Ezra Stoller is likely to be seen as the most eminent American architectural photographer of the post-war period, writes Andrew Mead. Working primarily in black-and-white, he made widely-published images of many significant new buildings in the us and also carried out commissions abroad - as at Ronchamp (see right). Each volume in this excellent new hardback series, 'Building Blocks', from Princeton Architectural Press presents a single building in some 60 of Stoller's photographs. An introductory essay and a small selection of drawings and plans are also supplied.
The books are pocket-sized but Stoller's images, well-reproduced, are still effective in this small format. Not just his eye and technique impress but also his tolerance and apt inclusion of people; in all but the un Building there is a sense of inhabited architecture.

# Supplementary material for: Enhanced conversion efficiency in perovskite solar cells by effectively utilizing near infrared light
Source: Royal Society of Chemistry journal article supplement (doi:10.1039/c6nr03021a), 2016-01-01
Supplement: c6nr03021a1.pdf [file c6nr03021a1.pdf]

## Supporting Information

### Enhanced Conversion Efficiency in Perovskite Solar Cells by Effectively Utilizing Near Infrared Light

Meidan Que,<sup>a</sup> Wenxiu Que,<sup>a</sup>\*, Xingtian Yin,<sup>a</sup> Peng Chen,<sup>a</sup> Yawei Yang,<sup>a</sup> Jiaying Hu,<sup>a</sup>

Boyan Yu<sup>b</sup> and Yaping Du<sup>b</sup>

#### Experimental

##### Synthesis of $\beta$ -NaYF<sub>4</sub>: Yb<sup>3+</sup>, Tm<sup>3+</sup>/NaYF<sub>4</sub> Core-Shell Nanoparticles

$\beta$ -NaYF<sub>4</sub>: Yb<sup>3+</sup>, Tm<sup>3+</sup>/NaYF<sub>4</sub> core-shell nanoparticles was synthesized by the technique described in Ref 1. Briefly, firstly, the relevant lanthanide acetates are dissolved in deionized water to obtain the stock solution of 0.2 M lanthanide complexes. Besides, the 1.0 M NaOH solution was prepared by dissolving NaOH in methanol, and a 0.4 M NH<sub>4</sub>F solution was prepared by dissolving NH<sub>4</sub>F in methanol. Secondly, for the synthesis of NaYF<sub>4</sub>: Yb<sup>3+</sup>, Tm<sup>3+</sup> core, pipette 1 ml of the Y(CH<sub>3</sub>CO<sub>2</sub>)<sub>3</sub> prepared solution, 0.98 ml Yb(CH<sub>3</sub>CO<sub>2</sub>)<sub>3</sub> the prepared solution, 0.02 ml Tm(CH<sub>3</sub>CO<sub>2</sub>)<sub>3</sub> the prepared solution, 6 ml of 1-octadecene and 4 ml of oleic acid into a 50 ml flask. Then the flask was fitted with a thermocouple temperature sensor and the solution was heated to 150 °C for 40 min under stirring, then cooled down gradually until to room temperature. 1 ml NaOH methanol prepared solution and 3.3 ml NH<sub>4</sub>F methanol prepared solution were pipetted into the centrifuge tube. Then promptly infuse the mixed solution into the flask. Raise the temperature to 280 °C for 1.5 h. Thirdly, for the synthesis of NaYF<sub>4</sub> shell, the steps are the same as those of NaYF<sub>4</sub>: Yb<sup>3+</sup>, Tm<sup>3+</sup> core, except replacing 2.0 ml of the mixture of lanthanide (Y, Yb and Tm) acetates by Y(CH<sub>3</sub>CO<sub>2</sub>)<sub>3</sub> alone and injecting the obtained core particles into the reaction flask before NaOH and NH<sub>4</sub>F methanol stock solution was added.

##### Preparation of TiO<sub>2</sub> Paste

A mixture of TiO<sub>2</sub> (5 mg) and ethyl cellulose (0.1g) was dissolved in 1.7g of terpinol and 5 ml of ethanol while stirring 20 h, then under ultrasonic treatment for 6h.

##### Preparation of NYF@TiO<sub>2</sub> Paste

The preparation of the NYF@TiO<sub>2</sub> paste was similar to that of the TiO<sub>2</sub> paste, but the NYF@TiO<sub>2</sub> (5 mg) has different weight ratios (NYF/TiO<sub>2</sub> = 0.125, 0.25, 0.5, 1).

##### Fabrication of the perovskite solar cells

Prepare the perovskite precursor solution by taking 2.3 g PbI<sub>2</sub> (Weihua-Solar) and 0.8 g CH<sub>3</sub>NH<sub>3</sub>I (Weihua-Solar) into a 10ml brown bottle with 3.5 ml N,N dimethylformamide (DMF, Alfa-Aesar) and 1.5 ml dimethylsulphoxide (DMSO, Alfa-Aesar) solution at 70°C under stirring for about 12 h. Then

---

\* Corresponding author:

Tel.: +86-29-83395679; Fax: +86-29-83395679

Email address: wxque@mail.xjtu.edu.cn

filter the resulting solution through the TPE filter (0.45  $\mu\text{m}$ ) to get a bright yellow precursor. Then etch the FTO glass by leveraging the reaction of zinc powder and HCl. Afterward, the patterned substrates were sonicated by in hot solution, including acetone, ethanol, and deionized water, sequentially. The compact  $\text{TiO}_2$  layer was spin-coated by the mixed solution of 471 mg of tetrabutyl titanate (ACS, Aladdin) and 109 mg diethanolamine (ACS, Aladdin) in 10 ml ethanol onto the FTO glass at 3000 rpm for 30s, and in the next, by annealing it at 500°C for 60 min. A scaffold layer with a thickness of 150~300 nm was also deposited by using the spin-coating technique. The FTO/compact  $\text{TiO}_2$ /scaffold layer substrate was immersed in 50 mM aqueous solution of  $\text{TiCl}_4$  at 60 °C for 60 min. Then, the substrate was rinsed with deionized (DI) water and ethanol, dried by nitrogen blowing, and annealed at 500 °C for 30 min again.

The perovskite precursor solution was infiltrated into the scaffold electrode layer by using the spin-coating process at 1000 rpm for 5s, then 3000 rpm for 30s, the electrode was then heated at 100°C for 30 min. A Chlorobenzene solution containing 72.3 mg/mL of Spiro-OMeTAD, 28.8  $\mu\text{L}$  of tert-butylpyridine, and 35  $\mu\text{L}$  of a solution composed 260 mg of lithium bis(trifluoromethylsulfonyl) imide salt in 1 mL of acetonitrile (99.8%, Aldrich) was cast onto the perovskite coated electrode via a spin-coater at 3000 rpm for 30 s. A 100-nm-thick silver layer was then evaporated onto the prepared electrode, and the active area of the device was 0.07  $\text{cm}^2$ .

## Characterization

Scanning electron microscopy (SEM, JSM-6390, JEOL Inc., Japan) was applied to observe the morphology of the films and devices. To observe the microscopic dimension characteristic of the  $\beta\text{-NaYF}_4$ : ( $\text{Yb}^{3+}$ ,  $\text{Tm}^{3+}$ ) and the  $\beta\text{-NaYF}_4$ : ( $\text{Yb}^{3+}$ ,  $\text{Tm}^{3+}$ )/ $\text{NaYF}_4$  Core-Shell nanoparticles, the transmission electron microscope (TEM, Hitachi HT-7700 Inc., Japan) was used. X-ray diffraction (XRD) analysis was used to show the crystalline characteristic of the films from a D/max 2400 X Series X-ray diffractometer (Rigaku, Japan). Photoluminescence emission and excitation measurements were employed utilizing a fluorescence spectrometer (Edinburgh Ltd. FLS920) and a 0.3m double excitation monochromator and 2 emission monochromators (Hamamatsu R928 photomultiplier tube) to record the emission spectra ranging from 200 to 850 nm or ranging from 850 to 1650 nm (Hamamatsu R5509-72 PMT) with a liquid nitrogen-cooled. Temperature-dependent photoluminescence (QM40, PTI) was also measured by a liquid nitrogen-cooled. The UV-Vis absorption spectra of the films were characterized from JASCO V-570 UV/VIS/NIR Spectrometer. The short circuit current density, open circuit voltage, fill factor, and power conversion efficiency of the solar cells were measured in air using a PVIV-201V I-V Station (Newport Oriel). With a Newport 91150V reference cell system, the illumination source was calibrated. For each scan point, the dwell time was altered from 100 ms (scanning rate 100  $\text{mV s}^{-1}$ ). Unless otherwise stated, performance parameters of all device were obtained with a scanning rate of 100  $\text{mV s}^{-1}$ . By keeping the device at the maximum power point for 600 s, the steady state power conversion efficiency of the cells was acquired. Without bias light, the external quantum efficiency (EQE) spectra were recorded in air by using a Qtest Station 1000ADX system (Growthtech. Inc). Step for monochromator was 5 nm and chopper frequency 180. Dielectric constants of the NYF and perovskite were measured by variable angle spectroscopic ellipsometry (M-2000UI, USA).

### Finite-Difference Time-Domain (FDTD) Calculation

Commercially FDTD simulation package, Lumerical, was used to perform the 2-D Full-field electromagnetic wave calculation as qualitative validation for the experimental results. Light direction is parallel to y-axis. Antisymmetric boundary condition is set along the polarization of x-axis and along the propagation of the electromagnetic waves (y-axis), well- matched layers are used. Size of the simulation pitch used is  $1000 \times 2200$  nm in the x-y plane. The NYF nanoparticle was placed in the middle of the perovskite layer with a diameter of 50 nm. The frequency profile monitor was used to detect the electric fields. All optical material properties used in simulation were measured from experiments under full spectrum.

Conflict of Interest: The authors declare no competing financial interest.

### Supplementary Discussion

Introductory essays are brief but to the point. In his deft account of the twa Terminal, for instance, series editor Mark Lamster discusses the nature of the design, its critical reception then and since, its place in Saarinen's oeuvre, and also Stoller's depiction of it - 'the terminal's soaring spaces appear slightly exaggerated in scale due to the nature of his lens' - in just a handful of pages. And Philip Nobel has the measure of Paul Rudolph's Yale building : 'It's dank and it's mean and it doesn't work very well - but, oh, what wonderful gloom.'